Second, under what conditions does tactical voting in single-member plurality systems lead to global bipartism? The answer is that, although tactical voting does lead under certain circumstances to local bipartism, it does not directly promote bipartism at the national level. Recent work (e.g., Cox 1997) has argued that how local party systems link to form national party systems depends on national-level factors, such as the nature of executive power (presidentialism vs. parliamentarism), rather than on district-speciﬁc factors such as tactical voting.
Because local and global bipartism are produced by diﬀerent factors, they may or may not coincide. Sometimes they do, as in the USA: two parties in each district, two parties nationally. But it is also possible to have local bipartism coupled with national multipartism. This bifurcation between local and global party systems occurs when diﬀerent parties are viable in diﬀerent parts of a country, as in India.
1.4 Tactical Voting That Deconcentrates The Vote
Third, does tactical voting always act to concentrate the vote at the local level, hence to restrict the party system? The answer here is ‘no.’ In electoral systems using multimember districts, tactical voters will transfer excess votes from strong candidates, in addition to transferring wasted votes from weak candidates (Tsebelis 1986). This sort of tactical voting deconcentrates the vote, rather than concentrating it, and does not reduce the number of viable parties in the system. Furthermore, in electoral systems using multiple votes, voters may vote for hopeless candidates in order to avoid giving votes to viable candidates who might beat the candidate they really want to win. This sort of tactical wastage of votes again deconcentrates, rather than concentrating, the vote.
1.5 Elite Fomentation Of Tactical Voting
Fourth, is it really voters who play the lead role in tactical voting? Technically, voters that care only about who wins the current election care about their vote only when it breaks a tie (or creates one), because it is only then that their vote aﬀects the outcome. But ties between any trailing candidate and one of the front-runners are much less likely than is a tie between the top two. Thus, purely instrumental voters vote for whichever of the two front-runners they most prefer, as their votes are then most likely to do some good.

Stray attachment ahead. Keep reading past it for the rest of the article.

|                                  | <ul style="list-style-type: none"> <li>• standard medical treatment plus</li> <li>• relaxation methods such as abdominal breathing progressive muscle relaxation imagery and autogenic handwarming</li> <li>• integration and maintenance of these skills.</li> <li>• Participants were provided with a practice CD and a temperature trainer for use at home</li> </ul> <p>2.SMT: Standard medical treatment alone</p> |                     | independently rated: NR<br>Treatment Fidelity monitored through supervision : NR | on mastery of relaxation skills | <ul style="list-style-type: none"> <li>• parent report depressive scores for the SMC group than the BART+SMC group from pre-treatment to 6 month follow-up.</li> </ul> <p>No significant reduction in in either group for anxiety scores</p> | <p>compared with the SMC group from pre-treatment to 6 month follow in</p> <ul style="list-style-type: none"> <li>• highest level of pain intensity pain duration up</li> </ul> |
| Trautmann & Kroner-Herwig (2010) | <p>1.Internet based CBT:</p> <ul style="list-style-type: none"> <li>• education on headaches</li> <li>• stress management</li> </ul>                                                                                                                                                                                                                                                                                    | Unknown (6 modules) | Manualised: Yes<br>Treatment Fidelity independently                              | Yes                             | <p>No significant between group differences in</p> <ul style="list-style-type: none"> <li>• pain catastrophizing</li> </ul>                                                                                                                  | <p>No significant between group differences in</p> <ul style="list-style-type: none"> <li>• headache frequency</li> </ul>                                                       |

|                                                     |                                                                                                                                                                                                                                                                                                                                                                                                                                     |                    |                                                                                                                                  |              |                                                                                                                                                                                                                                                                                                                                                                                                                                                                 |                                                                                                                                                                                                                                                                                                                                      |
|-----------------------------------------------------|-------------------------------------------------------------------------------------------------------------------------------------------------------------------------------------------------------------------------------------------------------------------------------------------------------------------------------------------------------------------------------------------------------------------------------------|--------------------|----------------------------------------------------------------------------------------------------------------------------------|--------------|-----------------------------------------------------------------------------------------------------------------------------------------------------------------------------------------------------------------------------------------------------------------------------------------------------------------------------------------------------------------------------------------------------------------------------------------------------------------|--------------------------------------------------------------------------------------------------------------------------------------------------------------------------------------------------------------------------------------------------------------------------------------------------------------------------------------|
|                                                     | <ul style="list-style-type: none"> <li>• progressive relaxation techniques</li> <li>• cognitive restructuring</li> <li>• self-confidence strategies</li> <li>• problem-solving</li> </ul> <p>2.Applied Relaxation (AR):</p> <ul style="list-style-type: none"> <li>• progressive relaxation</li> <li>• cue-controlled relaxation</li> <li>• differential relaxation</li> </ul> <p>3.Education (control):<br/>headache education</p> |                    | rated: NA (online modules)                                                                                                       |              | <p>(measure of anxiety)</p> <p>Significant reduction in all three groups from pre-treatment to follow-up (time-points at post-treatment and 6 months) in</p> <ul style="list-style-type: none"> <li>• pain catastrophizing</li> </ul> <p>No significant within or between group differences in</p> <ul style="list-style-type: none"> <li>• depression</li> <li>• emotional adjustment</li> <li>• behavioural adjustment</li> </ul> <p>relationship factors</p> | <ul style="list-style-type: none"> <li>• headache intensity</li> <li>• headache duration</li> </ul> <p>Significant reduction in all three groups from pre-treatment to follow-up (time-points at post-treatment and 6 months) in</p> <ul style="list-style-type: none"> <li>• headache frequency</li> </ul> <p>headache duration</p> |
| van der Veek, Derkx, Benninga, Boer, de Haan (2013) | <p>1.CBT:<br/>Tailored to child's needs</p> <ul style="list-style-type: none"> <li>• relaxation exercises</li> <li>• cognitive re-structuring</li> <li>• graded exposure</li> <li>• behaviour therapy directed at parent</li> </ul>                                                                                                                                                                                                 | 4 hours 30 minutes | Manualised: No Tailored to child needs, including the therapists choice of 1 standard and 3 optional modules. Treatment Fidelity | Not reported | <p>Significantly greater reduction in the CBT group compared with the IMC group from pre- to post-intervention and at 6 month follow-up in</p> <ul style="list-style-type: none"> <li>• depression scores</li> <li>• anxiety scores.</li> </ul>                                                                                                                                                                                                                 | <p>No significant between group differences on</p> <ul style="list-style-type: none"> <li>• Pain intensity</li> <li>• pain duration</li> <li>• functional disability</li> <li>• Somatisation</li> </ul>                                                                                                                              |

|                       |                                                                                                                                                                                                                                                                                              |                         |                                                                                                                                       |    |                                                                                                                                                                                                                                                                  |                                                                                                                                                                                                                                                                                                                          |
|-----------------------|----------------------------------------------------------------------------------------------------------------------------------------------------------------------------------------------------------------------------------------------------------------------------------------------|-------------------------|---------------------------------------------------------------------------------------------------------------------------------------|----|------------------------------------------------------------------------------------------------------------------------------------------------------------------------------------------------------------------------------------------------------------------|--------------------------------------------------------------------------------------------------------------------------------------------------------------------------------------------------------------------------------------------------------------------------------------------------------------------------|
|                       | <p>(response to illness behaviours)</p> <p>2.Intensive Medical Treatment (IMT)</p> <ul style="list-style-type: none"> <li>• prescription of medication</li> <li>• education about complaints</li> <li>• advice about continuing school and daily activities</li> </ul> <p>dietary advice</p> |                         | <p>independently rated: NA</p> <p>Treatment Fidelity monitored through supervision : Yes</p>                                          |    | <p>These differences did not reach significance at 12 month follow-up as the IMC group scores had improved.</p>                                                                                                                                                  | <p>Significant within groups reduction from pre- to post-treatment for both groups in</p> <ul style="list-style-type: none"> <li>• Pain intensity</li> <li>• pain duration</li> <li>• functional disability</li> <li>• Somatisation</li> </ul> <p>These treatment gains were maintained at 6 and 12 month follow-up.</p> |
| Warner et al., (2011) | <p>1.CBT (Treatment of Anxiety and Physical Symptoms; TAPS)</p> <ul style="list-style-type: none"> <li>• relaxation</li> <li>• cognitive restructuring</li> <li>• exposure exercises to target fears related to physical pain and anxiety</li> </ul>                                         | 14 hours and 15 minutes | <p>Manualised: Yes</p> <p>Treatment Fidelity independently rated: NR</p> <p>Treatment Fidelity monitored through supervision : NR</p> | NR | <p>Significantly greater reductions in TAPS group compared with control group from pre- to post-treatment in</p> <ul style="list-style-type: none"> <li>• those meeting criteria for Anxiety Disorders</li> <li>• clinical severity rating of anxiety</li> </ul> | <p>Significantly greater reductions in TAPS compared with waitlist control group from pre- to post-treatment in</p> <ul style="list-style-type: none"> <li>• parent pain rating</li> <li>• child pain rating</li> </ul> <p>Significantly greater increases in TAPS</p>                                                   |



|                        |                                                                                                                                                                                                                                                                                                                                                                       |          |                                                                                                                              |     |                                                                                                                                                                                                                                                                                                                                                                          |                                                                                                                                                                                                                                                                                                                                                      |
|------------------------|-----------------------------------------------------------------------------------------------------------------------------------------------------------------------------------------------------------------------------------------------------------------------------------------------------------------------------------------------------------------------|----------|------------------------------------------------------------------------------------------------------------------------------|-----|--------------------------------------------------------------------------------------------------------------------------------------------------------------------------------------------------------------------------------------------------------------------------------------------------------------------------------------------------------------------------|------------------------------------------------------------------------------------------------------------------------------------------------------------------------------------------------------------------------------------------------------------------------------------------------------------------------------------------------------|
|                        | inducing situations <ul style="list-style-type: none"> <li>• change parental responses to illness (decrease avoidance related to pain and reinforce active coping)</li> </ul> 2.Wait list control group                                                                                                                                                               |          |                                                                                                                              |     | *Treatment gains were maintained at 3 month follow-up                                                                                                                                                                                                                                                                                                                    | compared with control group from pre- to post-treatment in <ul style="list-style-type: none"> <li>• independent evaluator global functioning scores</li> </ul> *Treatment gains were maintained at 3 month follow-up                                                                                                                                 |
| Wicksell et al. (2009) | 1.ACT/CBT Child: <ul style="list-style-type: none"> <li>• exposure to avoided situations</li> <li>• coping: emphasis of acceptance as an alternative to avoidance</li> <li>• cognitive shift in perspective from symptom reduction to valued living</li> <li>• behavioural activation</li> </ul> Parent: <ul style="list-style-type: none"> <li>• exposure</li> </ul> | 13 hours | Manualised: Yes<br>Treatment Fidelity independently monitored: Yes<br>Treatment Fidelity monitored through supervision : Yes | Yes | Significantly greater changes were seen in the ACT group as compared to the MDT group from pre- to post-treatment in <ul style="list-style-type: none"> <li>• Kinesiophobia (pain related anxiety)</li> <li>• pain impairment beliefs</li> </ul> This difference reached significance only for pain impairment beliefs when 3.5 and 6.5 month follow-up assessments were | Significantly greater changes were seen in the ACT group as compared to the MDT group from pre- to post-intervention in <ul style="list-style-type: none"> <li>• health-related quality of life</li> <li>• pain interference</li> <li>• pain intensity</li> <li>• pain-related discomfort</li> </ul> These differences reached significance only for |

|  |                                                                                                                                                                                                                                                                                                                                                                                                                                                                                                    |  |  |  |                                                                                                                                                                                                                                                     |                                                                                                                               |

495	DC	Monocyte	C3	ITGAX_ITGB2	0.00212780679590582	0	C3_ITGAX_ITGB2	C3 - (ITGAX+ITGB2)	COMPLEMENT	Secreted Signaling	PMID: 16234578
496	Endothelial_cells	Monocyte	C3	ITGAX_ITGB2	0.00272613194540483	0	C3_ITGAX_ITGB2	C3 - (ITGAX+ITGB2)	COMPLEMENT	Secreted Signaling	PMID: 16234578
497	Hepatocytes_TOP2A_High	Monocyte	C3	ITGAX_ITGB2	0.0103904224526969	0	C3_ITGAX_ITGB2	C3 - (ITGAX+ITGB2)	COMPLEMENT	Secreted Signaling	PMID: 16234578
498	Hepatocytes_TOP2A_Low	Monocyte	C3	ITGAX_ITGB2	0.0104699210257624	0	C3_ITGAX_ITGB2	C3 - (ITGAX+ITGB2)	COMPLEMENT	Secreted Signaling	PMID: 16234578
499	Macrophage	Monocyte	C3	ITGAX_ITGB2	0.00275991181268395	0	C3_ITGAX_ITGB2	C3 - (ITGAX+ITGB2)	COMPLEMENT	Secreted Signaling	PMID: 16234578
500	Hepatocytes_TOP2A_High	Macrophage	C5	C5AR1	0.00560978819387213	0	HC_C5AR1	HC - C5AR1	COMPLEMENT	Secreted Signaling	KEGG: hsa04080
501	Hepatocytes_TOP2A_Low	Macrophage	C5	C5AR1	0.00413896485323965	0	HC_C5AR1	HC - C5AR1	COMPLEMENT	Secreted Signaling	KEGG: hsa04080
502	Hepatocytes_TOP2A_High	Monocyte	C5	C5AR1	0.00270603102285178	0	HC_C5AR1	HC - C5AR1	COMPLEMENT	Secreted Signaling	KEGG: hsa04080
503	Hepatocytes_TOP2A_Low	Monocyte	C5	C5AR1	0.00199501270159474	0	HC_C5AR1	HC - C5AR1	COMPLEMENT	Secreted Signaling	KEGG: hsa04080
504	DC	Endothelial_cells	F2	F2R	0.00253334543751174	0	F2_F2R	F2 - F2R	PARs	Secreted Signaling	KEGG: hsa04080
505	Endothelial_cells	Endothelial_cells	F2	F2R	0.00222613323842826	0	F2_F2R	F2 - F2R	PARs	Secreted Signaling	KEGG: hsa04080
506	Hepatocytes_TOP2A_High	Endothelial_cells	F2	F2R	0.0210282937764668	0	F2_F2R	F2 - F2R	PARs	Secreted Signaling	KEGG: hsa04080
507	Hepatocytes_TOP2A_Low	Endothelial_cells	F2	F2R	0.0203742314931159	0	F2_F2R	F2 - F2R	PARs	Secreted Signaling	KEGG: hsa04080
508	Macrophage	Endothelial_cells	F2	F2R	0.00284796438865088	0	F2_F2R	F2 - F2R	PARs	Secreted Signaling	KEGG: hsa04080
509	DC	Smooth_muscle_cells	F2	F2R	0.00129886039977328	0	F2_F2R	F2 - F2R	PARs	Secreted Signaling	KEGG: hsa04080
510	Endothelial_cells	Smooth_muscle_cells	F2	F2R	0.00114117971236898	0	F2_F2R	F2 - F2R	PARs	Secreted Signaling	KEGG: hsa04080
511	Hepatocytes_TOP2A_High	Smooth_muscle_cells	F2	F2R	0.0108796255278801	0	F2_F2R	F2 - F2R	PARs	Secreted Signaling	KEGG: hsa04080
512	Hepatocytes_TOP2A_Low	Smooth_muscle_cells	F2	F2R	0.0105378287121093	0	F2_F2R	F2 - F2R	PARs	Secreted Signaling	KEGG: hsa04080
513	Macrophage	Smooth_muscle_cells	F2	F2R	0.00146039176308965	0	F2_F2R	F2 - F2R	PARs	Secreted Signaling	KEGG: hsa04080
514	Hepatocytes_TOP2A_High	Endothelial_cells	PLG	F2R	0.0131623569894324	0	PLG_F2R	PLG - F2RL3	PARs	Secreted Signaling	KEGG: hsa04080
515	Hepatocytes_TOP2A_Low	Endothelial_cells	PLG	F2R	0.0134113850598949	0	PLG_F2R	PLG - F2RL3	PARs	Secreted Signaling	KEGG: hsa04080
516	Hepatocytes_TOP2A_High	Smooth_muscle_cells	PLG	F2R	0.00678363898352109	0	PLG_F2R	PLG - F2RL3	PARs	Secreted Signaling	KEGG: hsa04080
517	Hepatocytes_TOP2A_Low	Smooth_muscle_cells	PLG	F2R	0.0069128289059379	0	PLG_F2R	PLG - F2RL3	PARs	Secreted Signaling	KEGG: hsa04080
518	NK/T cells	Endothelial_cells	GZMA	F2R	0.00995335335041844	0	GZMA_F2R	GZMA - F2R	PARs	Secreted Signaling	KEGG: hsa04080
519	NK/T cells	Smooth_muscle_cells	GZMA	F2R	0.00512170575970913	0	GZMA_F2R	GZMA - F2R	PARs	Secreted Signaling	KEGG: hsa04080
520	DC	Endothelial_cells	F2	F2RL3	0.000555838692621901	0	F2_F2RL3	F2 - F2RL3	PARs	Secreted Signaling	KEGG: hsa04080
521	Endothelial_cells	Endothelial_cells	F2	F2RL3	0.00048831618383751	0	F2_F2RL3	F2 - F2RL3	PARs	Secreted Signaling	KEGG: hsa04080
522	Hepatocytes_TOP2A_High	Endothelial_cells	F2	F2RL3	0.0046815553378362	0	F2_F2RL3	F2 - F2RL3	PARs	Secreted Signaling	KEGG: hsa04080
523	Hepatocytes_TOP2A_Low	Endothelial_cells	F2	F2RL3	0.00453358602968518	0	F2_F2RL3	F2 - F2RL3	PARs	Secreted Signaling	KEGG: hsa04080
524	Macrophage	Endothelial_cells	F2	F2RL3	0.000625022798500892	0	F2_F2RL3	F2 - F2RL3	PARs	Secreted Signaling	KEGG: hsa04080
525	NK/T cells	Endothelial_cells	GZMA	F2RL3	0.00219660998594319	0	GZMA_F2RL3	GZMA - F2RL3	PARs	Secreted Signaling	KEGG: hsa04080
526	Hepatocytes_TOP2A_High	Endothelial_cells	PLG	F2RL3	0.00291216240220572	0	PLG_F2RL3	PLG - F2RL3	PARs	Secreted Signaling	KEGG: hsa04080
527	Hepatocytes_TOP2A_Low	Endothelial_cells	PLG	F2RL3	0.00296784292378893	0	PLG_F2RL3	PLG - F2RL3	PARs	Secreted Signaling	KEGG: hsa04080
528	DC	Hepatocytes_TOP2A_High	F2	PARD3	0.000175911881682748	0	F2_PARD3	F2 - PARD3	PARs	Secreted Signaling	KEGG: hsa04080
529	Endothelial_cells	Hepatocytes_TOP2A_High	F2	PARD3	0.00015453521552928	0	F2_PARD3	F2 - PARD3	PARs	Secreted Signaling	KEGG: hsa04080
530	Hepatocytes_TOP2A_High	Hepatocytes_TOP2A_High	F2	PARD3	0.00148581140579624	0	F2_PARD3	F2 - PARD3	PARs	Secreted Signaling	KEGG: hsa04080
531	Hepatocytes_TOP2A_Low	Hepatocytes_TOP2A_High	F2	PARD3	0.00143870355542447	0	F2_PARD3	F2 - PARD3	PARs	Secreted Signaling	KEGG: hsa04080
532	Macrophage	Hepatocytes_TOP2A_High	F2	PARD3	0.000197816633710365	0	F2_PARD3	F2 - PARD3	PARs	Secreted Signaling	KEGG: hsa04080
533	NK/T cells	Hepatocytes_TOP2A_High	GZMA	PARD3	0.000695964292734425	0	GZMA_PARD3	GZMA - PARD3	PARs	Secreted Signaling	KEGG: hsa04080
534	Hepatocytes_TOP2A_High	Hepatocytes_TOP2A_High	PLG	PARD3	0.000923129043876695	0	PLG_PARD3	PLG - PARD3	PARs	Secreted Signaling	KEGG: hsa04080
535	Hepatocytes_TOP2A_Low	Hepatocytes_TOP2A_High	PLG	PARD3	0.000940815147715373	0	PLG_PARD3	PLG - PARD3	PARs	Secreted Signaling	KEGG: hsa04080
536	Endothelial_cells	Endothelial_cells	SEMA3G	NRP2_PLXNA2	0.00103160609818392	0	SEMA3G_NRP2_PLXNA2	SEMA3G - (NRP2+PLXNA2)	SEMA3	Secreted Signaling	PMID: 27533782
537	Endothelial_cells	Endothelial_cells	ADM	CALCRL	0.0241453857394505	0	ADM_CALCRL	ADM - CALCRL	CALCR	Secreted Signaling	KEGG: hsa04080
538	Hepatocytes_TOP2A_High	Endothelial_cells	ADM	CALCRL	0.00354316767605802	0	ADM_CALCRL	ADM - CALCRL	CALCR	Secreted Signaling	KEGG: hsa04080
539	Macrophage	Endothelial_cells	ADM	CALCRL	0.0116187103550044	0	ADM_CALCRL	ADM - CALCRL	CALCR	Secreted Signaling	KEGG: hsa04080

But if citizens think this way about voting, why would they vote at all? The chances of a single vote actually aﬀecting the outcome are tiny, which suggests that the purely instrumental voter might just as well stay home and save a trip to the polls.
Scholars who argue along these lines have suggested that the key actors in generating tactical voting are parties and candidates—who have more at stake in an election and can take actions that potentially swing many votes, hence have a reasonable chance of aﬀecting the outcome. To date, however, there is no published elaboration of how such elite-led tactical voting would diﬀer from the grass roots tactical voting envisioned in most of the literature.
2. Tactical Voting To Aﬀect Government Formation
The second broad category of tactical voting is that by which voters seek to secure a better allocation of ministerial portfolios. Portfolio-maximizing tactical voting has three diﬀerent subcategories.
One subcategory is strategic sequencing—or voting to aﬀect which party gets the ﬁrst opportunity to form a government. This sort of tactical voting may have been important in Israeli elections prior to the reform of the rules for electing the prime minister.
A second subcategory is strategic balancing—or voting so as to prevent any single party or coalition from securing control of all bodies in a system of separated powers. This sort of tactical voting is argued to play a role in German and US elections. In the US case, the argument is that some voters vote for one party’s presidential candidate but the other party’s congressional candidate, intentionally seeking to deny either party control of both policy-making branches of government (Alesina and Rosenthal 1995). In the German case, a similar argument has been made to explain the opposition’s consistent success in midterm state elections, which determine control of the upper house at the federal level (Lohmann et al. 1997).
A third subcategory is strategic threshold insurance—or voting to keep a prospective coalition partner’s vote above a legally deﬁned threshold to qualify for PR seats. This sort of tactical voting has clearly been important in German elections and may become so in other countries that have parties hovering around the relevant threshold values.
3. Tactical Voting As Protest
The third broad category of tactical voting is protest voting—voting against one’s most-preferred party, even though it stands a good chance of winning, in order to chasten it and modify its behavior in future. Protest voting ﬁts the general deﬁnition of tactical voting given at the outset of the paper, if one includes the result of future elections in the ‘better outcome’ that the voter seeks. As an example, consider a voter who prefers that party A win the seat in a singlemember district but is nonetheless unhappy with some aspects of A’s performance. Such a voter may try to ‘send a message’ by either abstaining, casting an invalid vote, voting for a third party, or (if the voter is conﬁdent that A will nonetheless win) voting for A’s main opponent. The point is not to defeat A, but to reduce A’s margin of victory and hopefully scare it into better behavior in future.